We’re on the cusp of a new era in enterprise computing, one where Web-based applications are tailored to individual employees, said Alfred Chuang, founder and chairman of BEA Systems, at BEAWorld earlier this month.
Mash-ups — where we integrate applications or content into a single browser interface — are starting to move from the consumer to enterprise space. So what are the implications of this changing landscape? “The era of traditional packaged enterprise applications is over,” said Chuang.
This is the basis of BEA’s “Genesis” announcement — though execs were unable to comment on specifics at this time. Essentially, the emphasis will be on WorkSpace 360 with a combination of other technologies, as well as support for more scripting languages such as Ruby and Perl.
This will allow for flexible, real-time composite applications that help organizations respond to changing market conditions in days instead of weeks, he said, and can be tailored to individuals. “SOA was never meant to be the final destination.” Social computing is moving beyond Facebook into the enterprise. Along with business process management (BPM), based on a service-oriented architecture (SOA) foundation, there are productivity gains to be had.
Sony Pictures Entertainment is one customer interested in the upcoming Genesis. At its core, the company finances, acquires and distributes intellectual property. It now has 400,000 titles in a single global IP master.
“Despite how far we’ve come, everything’s going to change in the next 18 months,” said David Buckholtz, vice-president of planning, enterprise architecture and quality with SPE.
The entire business model is changing — from digital theatrical distribution to user-generated TV content. And the realignment of home entertainment distribution will require an architected approach to service delivery. “We see room for us to take it to the next level with Genesis,” he said.
Common interfaces into information sources and applications can help ease interoperability challenges that limit collaboration and knowledge sharing, said David Senf, director of Canadian security and software research with IDC Canada. “This value proposition of SOA to drive social networking should help lift the market in Canada.”
But there’s a resistance to the ad hoc, organic growth of applications that are not strictly controlled by IT, said Theo Beack, BEA’s deputy CTO. One solution is “controlled chaos,” where IT has some level of control, but employees aren’t restricted too much. So, as an employee creates and searches information and tags it, other people can find it — giving applications a more dynamic nature.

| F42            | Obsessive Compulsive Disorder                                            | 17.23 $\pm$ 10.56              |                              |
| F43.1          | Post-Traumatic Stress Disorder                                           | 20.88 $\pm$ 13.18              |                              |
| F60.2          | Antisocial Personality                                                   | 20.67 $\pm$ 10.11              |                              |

But management often has valid reservations about social computing, such as IP protection (how well protected is information in blogs and wikis, for example). Organizations are testing these boundaries right now, said Beack, but if you restrict employees, they’ll likely find a way to get around it anyway.
It’s also hard to determine ROI. But if you’re trying to innovate, social computing can increase stickiness, he said, and potentially get unexpected results.
One step at a time
Start small, said Shane Pearson, BEA’s vice-president of marketing and product management. Expose two or three services first, then show the ROI. If you’re trying to boil the ocean, you’re going to have a hard time, he said. SOA can be done ad hoc and quickly in one-off projects to save costs, said IDC’s Senf. In fact, some of it can be done without expensive tools (assuming a strong knowledge in XML schema).
Nothing comes for free, though, so it becomes a case of “pay me now or pay me more later.” If the goal is simply to connect a couple of applications or information sources, then corners and costs can be cut. But if the firm wants a broader use of services within the context of business processes, then “cheaping out” might not be a good idea.
After the initial upfront investment, organizations can start to see savings when reusing applications. For Avis Budget, its goal was to be more responsive to changing market conditions, while maximizing ROI using SOA by extending the life of legacy IT assets.
Avis developed OMEGA, an SOA platform for delivering shared services across applications. “Prior to OMEGA, converting core processes such as rental returns to a paperless task would have been impossible,” said Ashok Kumar, director of services architecture information technology with Avis Budget Group Inc.
It created an e-receipt service, where hurried travelers can drop off their vehicles and walk away, and a receipt is e-mailed to them within seconds. This service is now being reused to develop other applications. As a result, Avis Budget has reduced reliance on mainframe-based applications, resulting in further cost savings.
For eBay, IT is the business. With thousands of transactions per second, application uptime is critical — losses are equivalent to $2,000 per second, said Scott Clement, enterprise architect for eBay. So the company built a complex event processing (CEP) engine using WebLogic Event Server to discern complex event patterns or correlations across different event sources — such as server issues or fraud. “We’re proactive,” he said. “We’re not waiting for something to be detected.”